Child’s Safety is Priority at Rodeo Dental

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As a parent, trying to find a great general dentist for yourself can take some research. Trying to find a great pediatric dentist for your child takes even more thorough research, a deeper inspection of reviews, and lots of trust in others. 

Dr. Jason Lee, a pediatric dentist at Rodeo Dental & Orthodontics, said his interest in pursuing dentistry came from growing up with an excellent pediatric dentist who created an environment where he looked forward to going to each visit. 

For nearly 20 years now, Lee has practiced dental care for children and has sought to find a practice that not only allowed kids to be more comfortable at the dentist, but one that made them eager to come back. In 2017, Lee joined the Rodeo Dental family and has since aimed to provide the same exciting and comforting experience for his patients as he received in childhood. Lee’s love for his work at Rodeo Dental exceeds the company’s collaborative culture and energetic environment they’re known for. He says Rodeo Dental’s patient-centric core values and mission to give every family and child the key to access high-end dental care aligns directly with how he approaches his specialty.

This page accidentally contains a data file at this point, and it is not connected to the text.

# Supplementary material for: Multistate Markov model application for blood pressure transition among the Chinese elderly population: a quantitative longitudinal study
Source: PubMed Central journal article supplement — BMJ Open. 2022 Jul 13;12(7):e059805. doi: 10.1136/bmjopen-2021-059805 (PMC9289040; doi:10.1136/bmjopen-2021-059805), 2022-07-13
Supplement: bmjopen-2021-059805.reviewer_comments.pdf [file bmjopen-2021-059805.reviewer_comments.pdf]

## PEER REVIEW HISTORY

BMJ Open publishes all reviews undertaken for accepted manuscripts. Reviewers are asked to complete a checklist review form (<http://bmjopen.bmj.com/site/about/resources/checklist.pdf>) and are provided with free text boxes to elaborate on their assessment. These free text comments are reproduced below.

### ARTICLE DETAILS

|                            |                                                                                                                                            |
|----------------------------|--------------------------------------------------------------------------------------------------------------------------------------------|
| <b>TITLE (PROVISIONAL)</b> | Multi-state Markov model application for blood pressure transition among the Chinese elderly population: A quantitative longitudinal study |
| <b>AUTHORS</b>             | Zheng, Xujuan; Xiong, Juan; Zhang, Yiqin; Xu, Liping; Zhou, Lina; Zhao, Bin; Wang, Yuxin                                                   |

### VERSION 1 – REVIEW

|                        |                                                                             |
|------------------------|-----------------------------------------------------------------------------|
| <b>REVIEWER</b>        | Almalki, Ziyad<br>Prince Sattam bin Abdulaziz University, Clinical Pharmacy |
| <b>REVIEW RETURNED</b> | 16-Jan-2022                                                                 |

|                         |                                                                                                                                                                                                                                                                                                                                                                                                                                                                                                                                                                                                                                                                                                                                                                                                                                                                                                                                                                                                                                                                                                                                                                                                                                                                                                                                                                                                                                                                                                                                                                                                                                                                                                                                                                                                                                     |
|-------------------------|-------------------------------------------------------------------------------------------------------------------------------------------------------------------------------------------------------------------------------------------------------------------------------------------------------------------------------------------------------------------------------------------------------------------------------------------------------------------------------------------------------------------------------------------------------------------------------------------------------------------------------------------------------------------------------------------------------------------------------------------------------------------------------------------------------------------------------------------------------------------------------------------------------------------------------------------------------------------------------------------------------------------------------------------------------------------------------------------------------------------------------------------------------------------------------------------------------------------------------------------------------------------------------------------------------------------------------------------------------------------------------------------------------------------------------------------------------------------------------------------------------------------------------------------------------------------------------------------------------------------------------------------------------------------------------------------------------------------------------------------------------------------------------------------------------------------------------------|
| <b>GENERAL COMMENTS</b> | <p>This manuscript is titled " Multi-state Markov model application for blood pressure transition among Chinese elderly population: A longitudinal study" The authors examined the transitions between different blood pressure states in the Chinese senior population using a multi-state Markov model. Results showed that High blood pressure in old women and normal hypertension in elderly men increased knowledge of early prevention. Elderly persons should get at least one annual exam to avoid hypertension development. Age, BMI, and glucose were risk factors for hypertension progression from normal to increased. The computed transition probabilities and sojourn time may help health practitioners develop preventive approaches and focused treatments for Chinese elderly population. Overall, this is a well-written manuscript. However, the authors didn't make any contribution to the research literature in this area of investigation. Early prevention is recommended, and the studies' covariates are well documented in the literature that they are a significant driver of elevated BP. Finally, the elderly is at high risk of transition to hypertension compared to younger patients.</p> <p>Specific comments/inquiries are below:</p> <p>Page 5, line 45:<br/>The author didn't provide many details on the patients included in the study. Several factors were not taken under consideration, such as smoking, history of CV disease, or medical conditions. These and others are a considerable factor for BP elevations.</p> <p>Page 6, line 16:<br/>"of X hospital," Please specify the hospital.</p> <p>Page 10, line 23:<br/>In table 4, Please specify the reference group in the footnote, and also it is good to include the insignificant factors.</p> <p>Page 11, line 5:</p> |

Lee shared some insights as to what parents can expect if their child needs treatment and the safety measures Rodeo Dental provides in order to ensure parent and child trust.

What exactly is a pediatric dentist, and what do they do to earn that specialty title?

A pediatric dentist is a specialist dedicated to the oral health of children from infancy to teen. To become a pediatric dentist, (we spend) four years of dental school, (and) two years in residency. During that residency, we rotate through various medical specialties, such as anesthesiology, pediatric medicine, hematology, oncology, and emergency medicine.

Why would a child need to be sedated?

Children that are anxious or nervous about treatment respond (to sedation) well because the sedative medication we use here at Rodeo is also classified as an anxiolytic; it helps with anxiety. Sometimes we have (cooperative children), but they’ve got a lot of work (that needs) to be done. The sedation appointment helps them to be able to sit in the chair, and time seems to pass faster for them. Sometimes we have children (with) certain conditions where they (may) have involuntary muscle movements that could interfere with the treatment. (There are) lots of different reasons.

How do you know how much medication to administer to a child?

There are people that will calculate the medication on the child’s age … but the weight is the most appropriate way to go because not all 5-year-olds weigh the same. So we go off their weight, and we adhere to the (American Academy of Pediatric Dentistry) and the American Academy of Pediatrics guidelines. We don’t exceed the maximum dosage on these children. We don’t sedate children under (the age of) 2. We don’t sedate children that have conditions that could conflict with sedation. We always follow the manufacturer’s suggested guidelines, also.

What can happen to a child if these guidelines aren’t followed?